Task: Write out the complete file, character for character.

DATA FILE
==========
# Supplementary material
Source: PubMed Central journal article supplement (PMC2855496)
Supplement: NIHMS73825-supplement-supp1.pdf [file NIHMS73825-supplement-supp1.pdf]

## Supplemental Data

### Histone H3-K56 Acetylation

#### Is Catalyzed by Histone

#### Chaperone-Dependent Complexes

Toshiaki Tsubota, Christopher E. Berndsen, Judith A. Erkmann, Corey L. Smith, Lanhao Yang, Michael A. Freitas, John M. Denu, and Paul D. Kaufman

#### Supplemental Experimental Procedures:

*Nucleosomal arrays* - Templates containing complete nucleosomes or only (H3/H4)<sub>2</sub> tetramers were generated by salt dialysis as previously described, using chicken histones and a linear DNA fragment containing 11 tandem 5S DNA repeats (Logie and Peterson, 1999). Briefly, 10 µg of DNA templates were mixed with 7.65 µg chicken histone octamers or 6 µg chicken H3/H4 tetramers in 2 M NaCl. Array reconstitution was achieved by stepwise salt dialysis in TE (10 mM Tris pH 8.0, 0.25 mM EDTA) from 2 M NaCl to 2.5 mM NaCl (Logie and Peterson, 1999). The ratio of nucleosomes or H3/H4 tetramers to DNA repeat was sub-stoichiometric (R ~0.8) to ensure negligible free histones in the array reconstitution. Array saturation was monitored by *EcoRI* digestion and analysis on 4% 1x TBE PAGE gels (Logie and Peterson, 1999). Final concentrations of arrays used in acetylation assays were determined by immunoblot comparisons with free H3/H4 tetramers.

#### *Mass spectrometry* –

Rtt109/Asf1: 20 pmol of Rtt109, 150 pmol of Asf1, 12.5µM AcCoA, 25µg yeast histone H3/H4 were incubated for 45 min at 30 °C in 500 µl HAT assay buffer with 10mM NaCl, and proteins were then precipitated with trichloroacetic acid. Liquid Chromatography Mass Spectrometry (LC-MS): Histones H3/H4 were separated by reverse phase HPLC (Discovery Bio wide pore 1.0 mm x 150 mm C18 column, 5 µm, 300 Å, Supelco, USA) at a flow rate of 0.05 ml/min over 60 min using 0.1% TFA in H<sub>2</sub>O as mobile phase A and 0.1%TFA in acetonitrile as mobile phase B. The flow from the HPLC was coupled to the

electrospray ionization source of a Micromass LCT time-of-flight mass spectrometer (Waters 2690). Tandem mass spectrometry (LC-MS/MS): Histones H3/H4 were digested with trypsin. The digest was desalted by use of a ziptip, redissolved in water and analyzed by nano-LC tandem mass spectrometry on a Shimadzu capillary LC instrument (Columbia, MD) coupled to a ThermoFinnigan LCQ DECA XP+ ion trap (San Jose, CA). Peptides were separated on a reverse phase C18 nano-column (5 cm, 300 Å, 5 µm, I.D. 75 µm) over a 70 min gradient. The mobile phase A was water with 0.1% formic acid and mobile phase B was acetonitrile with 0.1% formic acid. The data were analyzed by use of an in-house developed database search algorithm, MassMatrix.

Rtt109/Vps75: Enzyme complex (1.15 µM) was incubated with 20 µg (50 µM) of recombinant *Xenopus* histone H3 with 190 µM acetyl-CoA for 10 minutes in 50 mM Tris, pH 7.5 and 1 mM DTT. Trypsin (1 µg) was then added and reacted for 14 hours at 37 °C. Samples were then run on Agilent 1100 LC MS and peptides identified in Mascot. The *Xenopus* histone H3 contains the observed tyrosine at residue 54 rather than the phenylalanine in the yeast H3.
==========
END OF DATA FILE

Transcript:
# Supplementary material
Source: PubMed Central journal article supplement (PMC2855496)
Supplement: NIHMS73825-supplement-supp1.pdf [file NIHMS73825-supplement-supp1.pdf]

## Supplemental Data

### Histone H3-K56 Acetylation

#### Is Catalyzed by Histone

#### Chaperone-Dependent Complexes

Toshiaki Tsubota, Christopher E. Berndsen, Judith A. Erkmann, Corey L. Smith, Lanhao Yang, Michael A. Freitas, John M. Denu, and Paul D. Kaufman

#### Supplemental Experimental Procedures:

*Nucleosomal arrays* - Templates containing complete nucleosomes or only (H3/H4)<sub>2</sub> tetramers were generated by salt dialysis as previously described, using chicken histones and a linear DNA fragment containing 11 tandem 5S DNA repeats (Logie and Peterson, 1999). Briefly, 10 µg of DNA templates were mixed with 7.65 µg chicken histone octamers or 6 µg chicken H3/H4 tetramers in 2 M NaCl. Array reconstitution was achieved by stepwise salt dialysis in TE (10 mM Tris pH 8.0, 0.25 mM EDTA) from 2 M NaCl to 2.5 mM NaCl (Logie and Peterson, 1999). The ratio of nucleosomes or H3/H4 tetramers to DNA repeat was sub-stoichiometric (R ~0.8) to ensure negligible free histones in the array reconstitution. Array saturation was monitored by *EcoRI* digestion and analysis on 4% 1x TBE PAGE gels (Logie and Peterson, 1999). Final concentrations of arrays used in acetylation assays were determined by immunoblot comparisons with free H3/H4 tetramers.

#### *Mass spectrometry* –

Rtt109/Asf1: 20 pmol of Rtt109, 150 pmol of Asf1, 12.5µM AcCoA, 25µg yeast histone H3/H4 were incubated for 45 min at 30 °C in 500 µl HAT assay buffer with 10mM NaCl, and proteins were then precipitated with trichloroacetic acid. Liquid Chromatography Mass Spectrometry (LC-MS): Histones H3/H4 were separated by reverse phase HPLC (Discovery Bio wide pore 1.0 mm x 150 mm C18 column, 5 µm, 300 Å, Supelco, USA) at a flow rate of 0.05 ml/min over 60 min using 0.1% TFA in H<sub>2</sub>O as mobile phase A and 0.1%TFA in acetonitrile as mobile phase B. The flow from the HPLC was coupled to the

electrospray ionization source of a Micromass LCT time-of-flight mass spectrometer (Waters 2690). Tandem mass spectrometry (LC-MS/MS): Histones H3/H4 were digested with trypsin. The digest was desalted by use of a ziptip, redissolved in water and analyzed by nano-LC tandem mass spectrometry on a Shimadzu capillary LC instrument (Columbia, MD) coupled to a ThermoFinnigan LCQ DECA XP+ ion trap (San Jose, CA). Peptides were separated on a reverse phase C18 nano-column (5 cm, 300 Å, 5 µm, I.D. 75 µm) over a 70 min gradient. The mobile phase A was water with 0.1% formic acid and mobile phase B was acetonitrile with 0.1% formic acid. The data were analyzed by use of an in-house developed database search algorithm, MassMatrix.

Rtt109/Vps75: Enzyme complex (1.15 µM) was incubated with 20 µg (50 µM) of recombinant *Xenopus* histone H3 with 190 µM acetyl-CoA for 10 minutes in 50 mM Tris, pH 7.5 and 1 mM DTT. Trypsin (1 µg) was then added and reacted for 14 hours at 37 °C. Samples were then run on Agilent 1100 LC MS and peptides identified in Mascot. The *Xenopus* histone H3 contains the observed tyrosine at residue 54 rather than the phenylalanine in the yeast H3.